Three-dimensional scapular morphology is associated with rotator cuff tears and alters the abduction moment arm of the supraspinatus.
Lee ECS, Roach NT, Clouthier AL, Bicknell RT, Bey MJ, Young NM, and Rainbow MJ. Three-dimensional scapular morphology is associated with rotator cuff tears and alters the abduction moment arm of the supraspinatus. Clin Biomech (Bristol, Avon) 2020; 78.
BACKGROUND: Numerous studies have reported an association between rotator cuff injury and two-dimensional measures of scapular morphology. However, the mechanical underpinnings explaining how these shape features affect glenohumeral joint function and lead to injury are poorly understood. We hypothesized that three-dimensional features of scapular morphology differentiate asymptomatic shoulders from those with rotator cuff tears, and that these features would alter the mechanical advantage of the supraspinatus.
METHODS: Twenty-four individuals with supraspinatus tears and twenty-seven age-matched controls were recruited. A statistical shape analysis identified scapular features distinguishing symptomatic patients from asymptomatic controls. We examined the effect of injury-associated morphology on mechanics by developing a morphable model driven by six degree-of-freedom biplanar videoradiography data. We used the model to simulate abduction for a range of shapes and computed the supraspinatus moment arm.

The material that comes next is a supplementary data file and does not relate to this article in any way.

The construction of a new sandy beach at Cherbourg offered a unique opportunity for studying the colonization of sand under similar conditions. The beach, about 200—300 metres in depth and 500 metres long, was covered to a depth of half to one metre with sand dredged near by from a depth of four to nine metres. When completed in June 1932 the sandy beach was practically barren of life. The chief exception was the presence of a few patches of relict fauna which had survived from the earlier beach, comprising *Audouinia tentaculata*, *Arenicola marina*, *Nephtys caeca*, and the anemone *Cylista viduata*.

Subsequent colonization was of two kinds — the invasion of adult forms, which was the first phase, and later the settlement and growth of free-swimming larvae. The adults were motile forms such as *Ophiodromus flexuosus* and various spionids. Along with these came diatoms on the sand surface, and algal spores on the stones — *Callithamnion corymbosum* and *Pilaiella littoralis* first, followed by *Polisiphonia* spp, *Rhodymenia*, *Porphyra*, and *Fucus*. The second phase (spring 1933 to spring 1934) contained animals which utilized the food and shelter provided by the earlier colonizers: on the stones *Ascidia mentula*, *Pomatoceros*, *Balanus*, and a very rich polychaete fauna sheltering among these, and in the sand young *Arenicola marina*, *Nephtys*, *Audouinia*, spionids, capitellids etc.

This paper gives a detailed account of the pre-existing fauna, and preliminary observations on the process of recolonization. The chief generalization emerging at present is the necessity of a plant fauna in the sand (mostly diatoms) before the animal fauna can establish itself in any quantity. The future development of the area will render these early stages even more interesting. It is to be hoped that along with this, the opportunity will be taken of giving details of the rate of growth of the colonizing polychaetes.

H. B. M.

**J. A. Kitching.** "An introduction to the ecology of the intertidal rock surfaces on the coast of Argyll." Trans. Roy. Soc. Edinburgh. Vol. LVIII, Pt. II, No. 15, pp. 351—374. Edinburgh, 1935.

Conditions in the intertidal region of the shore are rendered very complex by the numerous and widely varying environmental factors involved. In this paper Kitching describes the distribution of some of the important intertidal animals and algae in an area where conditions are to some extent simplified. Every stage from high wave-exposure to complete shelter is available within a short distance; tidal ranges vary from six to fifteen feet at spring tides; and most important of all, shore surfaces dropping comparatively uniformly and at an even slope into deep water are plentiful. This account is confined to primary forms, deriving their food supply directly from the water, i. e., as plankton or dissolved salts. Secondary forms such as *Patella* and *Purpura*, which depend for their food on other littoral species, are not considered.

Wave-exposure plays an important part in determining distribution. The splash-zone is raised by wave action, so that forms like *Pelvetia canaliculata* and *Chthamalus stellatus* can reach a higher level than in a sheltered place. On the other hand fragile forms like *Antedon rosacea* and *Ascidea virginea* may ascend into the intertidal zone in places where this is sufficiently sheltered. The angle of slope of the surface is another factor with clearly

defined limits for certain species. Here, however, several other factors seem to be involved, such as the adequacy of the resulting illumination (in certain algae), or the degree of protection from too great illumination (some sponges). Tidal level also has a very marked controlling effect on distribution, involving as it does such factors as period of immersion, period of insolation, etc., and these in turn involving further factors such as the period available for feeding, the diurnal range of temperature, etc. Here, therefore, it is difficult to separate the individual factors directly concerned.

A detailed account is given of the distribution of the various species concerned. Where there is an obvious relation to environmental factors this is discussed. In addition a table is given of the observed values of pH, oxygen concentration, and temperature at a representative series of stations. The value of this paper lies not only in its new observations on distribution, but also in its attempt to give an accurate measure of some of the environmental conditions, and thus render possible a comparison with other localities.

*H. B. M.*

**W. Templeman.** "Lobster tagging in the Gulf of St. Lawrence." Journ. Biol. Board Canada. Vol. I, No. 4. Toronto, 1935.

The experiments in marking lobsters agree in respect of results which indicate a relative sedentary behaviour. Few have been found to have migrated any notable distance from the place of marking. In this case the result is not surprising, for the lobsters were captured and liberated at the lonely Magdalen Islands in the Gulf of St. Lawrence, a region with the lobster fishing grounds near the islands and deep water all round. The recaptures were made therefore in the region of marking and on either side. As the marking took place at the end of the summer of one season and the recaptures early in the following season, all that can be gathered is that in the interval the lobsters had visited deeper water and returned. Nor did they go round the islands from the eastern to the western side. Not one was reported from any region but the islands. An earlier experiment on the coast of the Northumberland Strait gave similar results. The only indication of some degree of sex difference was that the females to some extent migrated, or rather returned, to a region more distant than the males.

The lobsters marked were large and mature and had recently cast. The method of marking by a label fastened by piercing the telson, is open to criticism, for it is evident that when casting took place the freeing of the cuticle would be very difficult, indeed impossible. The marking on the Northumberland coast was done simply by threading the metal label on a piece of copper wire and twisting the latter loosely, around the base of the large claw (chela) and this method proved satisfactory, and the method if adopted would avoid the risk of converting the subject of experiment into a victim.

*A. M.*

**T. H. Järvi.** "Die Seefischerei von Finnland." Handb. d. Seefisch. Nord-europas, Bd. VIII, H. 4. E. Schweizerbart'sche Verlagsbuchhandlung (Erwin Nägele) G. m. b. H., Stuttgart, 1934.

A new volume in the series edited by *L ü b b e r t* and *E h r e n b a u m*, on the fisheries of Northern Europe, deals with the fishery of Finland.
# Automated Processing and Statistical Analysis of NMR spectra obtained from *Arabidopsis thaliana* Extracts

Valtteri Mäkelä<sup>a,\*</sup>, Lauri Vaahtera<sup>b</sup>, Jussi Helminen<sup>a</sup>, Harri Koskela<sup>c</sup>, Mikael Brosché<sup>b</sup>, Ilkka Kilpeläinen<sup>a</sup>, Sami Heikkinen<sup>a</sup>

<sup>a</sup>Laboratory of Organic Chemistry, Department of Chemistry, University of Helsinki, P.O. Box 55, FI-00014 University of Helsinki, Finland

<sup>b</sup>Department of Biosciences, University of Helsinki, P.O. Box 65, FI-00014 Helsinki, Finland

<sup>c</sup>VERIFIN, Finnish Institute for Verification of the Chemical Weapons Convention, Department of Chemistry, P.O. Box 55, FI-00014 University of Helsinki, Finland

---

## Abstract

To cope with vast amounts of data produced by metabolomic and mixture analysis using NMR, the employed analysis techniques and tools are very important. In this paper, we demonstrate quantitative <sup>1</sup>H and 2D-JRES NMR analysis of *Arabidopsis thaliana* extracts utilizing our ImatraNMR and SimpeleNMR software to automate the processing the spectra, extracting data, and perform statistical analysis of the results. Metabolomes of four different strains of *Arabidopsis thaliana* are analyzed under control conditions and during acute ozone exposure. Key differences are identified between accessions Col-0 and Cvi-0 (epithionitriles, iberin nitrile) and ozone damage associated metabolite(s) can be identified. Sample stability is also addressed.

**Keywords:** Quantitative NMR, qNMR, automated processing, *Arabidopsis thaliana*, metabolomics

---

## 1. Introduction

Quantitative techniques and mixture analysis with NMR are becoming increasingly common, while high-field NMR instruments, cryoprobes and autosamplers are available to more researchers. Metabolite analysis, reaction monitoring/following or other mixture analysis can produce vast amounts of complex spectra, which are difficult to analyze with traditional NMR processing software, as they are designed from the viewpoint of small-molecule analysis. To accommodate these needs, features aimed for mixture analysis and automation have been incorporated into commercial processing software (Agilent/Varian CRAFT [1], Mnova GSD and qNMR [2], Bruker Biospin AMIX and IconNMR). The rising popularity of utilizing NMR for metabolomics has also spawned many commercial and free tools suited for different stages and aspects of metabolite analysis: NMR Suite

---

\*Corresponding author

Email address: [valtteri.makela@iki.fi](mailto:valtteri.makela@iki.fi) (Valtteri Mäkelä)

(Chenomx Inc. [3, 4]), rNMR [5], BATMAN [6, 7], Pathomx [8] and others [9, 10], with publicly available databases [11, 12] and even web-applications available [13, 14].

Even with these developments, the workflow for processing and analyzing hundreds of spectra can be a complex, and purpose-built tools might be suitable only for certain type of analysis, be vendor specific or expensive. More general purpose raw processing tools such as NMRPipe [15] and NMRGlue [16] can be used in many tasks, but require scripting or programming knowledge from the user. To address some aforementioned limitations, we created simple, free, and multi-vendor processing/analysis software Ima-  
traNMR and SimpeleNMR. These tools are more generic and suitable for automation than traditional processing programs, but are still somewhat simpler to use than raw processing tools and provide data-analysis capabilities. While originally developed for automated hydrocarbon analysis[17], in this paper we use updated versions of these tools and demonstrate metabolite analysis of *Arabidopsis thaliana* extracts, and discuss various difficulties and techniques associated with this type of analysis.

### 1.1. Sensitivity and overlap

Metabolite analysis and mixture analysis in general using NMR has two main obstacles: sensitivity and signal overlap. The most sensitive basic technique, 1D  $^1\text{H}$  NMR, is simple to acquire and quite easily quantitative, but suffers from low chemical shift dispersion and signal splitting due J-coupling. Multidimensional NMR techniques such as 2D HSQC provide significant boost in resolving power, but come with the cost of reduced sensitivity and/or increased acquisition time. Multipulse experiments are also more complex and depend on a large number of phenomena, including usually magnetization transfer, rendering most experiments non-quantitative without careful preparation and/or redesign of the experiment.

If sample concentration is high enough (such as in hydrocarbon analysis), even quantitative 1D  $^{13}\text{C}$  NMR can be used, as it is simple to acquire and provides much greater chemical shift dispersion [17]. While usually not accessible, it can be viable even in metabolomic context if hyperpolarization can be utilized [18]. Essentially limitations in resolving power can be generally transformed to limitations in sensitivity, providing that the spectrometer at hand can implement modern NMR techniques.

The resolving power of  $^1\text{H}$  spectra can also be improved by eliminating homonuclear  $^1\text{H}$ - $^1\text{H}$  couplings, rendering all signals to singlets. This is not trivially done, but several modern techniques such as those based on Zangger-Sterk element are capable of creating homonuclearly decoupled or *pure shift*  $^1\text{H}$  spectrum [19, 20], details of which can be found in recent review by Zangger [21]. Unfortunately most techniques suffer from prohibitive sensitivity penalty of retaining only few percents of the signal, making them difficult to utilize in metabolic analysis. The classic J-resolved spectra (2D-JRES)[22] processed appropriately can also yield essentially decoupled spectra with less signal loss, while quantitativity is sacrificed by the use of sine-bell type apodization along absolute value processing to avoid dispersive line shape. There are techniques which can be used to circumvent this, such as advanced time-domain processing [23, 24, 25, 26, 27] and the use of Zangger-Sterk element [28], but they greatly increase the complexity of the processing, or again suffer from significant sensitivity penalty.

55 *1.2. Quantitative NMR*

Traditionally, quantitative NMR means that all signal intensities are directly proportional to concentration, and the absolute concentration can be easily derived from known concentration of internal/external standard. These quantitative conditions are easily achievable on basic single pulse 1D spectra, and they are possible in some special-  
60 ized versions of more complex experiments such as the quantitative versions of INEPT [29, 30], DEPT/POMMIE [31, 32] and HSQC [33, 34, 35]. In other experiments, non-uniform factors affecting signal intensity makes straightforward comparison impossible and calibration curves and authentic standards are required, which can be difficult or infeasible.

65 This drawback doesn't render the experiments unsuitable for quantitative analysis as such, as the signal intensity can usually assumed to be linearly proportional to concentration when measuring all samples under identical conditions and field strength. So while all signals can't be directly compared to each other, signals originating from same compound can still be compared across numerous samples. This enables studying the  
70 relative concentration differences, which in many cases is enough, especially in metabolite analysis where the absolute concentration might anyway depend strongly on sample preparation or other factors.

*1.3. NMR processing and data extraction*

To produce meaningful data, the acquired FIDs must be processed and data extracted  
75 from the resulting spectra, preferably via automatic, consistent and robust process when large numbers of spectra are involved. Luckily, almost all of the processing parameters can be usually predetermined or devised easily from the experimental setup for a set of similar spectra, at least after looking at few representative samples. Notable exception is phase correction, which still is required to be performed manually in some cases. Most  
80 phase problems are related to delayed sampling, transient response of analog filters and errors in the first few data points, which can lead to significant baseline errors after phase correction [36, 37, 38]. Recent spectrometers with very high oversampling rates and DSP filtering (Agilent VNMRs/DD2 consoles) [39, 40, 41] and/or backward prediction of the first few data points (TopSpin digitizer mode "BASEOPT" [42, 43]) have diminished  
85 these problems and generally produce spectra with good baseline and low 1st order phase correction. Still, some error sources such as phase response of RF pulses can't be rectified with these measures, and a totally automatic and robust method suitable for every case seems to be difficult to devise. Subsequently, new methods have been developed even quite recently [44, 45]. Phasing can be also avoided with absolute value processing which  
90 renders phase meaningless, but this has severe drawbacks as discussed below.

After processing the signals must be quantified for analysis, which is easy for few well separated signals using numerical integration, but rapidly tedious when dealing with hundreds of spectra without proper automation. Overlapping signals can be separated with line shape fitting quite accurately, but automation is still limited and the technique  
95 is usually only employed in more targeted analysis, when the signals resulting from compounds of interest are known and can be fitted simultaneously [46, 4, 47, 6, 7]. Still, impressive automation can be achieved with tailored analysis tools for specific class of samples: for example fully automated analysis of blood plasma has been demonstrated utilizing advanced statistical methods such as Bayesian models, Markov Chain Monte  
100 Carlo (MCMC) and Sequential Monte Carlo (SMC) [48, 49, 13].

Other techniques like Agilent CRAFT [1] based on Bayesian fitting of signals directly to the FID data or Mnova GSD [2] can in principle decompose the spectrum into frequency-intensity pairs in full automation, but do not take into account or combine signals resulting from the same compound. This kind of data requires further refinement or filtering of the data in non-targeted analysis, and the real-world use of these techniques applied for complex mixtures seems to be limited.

FINDINGS: Rotator cuff injury was associated with a cranial orientation of the glenoid and scapular spine (P = .011, d = 0.75) and/or decreased subacromial space (P = .001, d = 0.94). The shape analysis also identified previously undocumented features associated with superior inclination and subacromial narrowing. In our computational model, warping the scapula from a cranial to a lateral orientation increased the supraspinatus moment arm at 20° of abduction and decreased the moment arm at 160° of abduction.
INTERPRETATIONS: Three-dimensional analysis of scapular morphology indicates a stronger relationship between morphology and cuff tears than two-dimensional measures. Insight into how morphological features affect rotator cuff mechanics may improve patient-specific strategies for prevention and treatment of cuff tears.